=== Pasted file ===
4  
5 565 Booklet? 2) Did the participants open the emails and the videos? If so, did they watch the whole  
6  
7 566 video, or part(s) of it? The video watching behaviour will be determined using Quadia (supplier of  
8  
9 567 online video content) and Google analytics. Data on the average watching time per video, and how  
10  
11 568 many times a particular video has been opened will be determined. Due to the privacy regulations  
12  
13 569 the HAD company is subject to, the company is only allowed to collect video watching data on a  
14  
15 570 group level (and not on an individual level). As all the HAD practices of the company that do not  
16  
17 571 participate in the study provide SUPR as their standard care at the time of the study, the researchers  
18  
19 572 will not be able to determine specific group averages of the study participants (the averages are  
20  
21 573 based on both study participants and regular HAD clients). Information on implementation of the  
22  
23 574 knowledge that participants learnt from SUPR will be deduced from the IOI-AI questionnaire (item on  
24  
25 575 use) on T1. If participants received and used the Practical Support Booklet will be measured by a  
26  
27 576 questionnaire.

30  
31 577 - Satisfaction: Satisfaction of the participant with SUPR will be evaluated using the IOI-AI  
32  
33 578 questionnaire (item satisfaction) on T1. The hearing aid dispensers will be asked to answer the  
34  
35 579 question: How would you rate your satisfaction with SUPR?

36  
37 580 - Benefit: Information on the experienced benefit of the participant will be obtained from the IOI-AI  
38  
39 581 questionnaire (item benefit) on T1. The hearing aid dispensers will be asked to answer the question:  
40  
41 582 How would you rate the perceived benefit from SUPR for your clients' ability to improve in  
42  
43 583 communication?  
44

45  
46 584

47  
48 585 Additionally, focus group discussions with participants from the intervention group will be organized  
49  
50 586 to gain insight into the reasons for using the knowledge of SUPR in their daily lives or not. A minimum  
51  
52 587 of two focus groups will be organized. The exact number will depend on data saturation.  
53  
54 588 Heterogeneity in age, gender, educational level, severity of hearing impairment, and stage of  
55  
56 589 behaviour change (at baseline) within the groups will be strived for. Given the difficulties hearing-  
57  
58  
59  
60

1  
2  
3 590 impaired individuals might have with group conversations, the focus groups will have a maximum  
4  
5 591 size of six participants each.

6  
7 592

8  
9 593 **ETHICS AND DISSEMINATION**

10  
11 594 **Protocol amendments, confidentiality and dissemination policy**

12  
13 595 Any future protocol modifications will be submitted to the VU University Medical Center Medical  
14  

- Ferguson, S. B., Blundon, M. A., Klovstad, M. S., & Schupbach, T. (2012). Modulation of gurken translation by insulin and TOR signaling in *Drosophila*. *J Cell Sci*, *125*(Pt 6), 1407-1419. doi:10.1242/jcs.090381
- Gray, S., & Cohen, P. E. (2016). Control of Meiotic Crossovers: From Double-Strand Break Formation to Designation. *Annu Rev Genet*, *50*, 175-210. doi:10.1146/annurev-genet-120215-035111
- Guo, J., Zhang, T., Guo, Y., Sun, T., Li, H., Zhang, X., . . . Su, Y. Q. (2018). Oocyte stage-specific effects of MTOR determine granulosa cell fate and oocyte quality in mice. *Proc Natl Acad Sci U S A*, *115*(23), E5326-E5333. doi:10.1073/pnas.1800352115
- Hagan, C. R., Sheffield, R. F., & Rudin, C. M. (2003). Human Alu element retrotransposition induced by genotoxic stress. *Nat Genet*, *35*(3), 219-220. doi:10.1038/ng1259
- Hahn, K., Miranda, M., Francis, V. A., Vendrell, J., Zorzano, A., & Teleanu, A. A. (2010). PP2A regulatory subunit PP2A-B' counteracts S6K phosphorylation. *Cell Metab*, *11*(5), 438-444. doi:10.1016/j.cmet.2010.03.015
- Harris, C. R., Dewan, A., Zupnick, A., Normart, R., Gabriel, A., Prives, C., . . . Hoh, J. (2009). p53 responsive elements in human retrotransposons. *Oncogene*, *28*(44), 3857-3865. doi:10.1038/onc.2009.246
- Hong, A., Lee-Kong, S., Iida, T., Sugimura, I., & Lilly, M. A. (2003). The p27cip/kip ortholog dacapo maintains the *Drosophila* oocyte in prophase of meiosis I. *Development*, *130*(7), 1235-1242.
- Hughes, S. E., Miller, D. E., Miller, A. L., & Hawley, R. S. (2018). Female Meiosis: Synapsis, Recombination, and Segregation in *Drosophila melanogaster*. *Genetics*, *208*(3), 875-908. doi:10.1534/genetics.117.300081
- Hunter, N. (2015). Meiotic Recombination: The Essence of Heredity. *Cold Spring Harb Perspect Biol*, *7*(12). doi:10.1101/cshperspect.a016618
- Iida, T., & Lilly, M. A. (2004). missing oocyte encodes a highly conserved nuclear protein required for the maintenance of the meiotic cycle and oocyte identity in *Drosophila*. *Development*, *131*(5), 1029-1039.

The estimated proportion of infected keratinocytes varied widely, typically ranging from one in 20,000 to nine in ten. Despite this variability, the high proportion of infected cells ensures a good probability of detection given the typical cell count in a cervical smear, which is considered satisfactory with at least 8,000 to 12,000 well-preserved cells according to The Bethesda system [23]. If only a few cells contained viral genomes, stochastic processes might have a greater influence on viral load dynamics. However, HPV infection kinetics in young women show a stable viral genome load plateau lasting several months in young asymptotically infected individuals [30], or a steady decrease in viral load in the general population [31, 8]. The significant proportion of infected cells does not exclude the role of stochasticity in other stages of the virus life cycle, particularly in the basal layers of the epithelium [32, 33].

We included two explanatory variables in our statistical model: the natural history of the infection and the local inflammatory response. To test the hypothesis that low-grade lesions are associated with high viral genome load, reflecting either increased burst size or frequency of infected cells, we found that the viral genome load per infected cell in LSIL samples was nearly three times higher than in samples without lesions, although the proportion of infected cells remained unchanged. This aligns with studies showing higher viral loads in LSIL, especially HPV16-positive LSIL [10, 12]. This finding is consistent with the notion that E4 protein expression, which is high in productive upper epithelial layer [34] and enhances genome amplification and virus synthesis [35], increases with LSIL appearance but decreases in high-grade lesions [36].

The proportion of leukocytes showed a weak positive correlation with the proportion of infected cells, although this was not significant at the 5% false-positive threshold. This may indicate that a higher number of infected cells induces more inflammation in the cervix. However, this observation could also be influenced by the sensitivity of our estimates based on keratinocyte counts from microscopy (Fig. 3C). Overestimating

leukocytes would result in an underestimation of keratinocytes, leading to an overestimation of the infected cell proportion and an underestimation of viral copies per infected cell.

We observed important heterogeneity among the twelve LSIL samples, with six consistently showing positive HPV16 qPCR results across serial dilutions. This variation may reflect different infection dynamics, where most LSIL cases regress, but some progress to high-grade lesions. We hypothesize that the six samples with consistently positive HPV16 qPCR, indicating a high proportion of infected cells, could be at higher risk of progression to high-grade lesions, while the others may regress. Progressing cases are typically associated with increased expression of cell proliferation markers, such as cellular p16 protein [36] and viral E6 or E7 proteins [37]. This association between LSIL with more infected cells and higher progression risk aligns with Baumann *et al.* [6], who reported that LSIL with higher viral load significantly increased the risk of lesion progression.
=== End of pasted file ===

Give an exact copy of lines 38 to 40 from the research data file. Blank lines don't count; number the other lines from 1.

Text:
43 583 communication?  
44

45  